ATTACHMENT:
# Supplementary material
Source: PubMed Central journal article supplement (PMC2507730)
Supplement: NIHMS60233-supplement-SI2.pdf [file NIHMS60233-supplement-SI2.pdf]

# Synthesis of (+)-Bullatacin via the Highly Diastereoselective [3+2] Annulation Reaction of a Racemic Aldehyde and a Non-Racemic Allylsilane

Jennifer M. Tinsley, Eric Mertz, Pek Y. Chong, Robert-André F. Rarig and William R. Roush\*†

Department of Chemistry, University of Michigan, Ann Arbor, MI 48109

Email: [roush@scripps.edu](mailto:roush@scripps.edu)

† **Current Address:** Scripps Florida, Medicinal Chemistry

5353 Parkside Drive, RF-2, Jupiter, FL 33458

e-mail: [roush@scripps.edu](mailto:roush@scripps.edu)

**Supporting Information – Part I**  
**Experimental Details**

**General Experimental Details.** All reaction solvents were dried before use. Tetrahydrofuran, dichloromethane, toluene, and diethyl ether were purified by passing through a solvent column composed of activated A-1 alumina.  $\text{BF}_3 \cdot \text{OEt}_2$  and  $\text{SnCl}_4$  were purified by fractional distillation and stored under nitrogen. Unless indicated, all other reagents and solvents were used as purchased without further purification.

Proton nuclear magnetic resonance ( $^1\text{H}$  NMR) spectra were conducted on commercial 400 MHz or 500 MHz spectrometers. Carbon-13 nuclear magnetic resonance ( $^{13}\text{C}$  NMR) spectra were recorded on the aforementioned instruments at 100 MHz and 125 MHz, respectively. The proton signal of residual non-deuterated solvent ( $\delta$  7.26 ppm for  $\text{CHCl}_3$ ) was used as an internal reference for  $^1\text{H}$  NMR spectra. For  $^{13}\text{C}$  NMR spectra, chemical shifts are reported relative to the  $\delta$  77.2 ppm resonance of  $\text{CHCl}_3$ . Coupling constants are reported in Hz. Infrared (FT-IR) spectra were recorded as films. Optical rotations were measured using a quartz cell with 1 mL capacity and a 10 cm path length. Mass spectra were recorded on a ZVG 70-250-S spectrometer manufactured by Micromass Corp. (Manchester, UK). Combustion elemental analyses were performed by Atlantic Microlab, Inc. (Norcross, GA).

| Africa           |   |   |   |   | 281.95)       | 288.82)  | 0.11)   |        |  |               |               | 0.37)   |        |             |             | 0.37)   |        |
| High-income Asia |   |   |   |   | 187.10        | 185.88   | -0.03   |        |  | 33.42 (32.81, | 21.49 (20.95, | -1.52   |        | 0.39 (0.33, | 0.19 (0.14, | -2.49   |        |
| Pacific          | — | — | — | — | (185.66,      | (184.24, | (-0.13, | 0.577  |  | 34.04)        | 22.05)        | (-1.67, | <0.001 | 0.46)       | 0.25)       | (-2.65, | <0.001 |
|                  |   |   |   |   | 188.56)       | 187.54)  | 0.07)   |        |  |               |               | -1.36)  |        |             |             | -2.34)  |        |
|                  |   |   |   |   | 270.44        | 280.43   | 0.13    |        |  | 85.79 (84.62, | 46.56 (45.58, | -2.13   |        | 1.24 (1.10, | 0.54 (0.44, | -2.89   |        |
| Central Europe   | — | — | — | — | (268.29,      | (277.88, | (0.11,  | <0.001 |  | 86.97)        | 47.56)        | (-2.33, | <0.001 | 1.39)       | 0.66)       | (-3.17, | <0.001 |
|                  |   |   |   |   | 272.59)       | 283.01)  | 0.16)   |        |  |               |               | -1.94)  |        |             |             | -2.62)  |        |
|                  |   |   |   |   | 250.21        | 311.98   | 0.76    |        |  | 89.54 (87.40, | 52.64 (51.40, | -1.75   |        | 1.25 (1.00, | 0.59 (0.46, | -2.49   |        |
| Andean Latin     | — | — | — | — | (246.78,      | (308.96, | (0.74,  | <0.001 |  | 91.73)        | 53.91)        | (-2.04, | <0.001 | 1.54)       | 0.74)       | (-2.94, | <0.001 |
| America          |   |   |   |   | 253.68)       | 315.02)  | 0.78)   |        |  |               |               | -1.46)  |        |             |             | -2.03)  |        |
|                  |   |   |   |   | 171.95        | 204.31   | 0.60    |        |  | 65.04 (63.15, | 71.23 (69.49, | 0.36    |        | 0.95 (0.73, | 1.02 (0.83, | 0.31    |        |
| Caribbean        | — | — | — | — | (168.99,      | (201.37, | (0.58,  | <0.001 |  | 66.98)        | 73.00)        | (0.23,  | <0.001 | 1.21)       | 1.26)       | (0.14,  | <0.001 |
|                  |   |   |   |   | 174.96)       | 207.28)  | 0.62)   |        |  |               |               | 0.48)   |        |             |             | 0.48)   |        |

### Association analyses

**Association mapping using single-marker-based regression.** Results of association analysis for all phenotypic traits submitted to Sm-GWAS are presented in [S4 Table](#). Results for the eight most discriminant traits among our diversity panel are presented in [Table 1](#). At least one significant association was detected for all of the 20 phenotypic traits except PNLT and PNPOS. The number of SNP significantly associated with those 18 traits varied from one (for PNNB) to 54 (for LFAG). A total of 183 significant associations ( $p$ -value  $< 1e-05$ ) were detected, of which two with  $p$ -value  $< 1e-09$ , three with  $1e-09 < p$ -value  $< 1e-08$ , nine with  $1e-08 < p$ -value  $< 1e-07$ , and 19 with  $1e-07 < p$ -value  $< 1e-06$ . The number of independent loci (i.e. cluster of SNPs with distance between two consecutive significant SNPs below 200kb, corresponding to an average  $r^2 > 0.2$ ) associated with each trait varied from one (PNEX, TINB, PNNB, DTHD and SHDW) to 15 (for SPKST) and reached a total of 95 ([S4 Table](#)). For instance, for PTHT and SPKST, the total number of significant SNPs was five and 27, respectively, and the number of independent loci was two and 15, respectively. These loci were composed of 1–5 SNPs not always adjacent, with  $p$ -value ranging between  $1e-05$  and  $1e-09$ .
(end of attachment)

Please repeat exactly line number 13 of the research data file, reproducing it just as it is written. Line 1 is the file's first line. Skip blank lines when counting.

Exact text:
**General Experimental Details.** All reaction solvents were dried before use. Tetrahydrofuran, dichloromethane, toluene, and diethyl ether were purified by passing through a solvent column composed of activated A-1 alumina.  $\text{BF}_3 \cdot \text{OEt}_2$  and  $\text{SnCl}_4$  were purified by fractional distillation and stored under nitrogen. Unless indicated, all other reagents and solvents were used as purchased without further purification.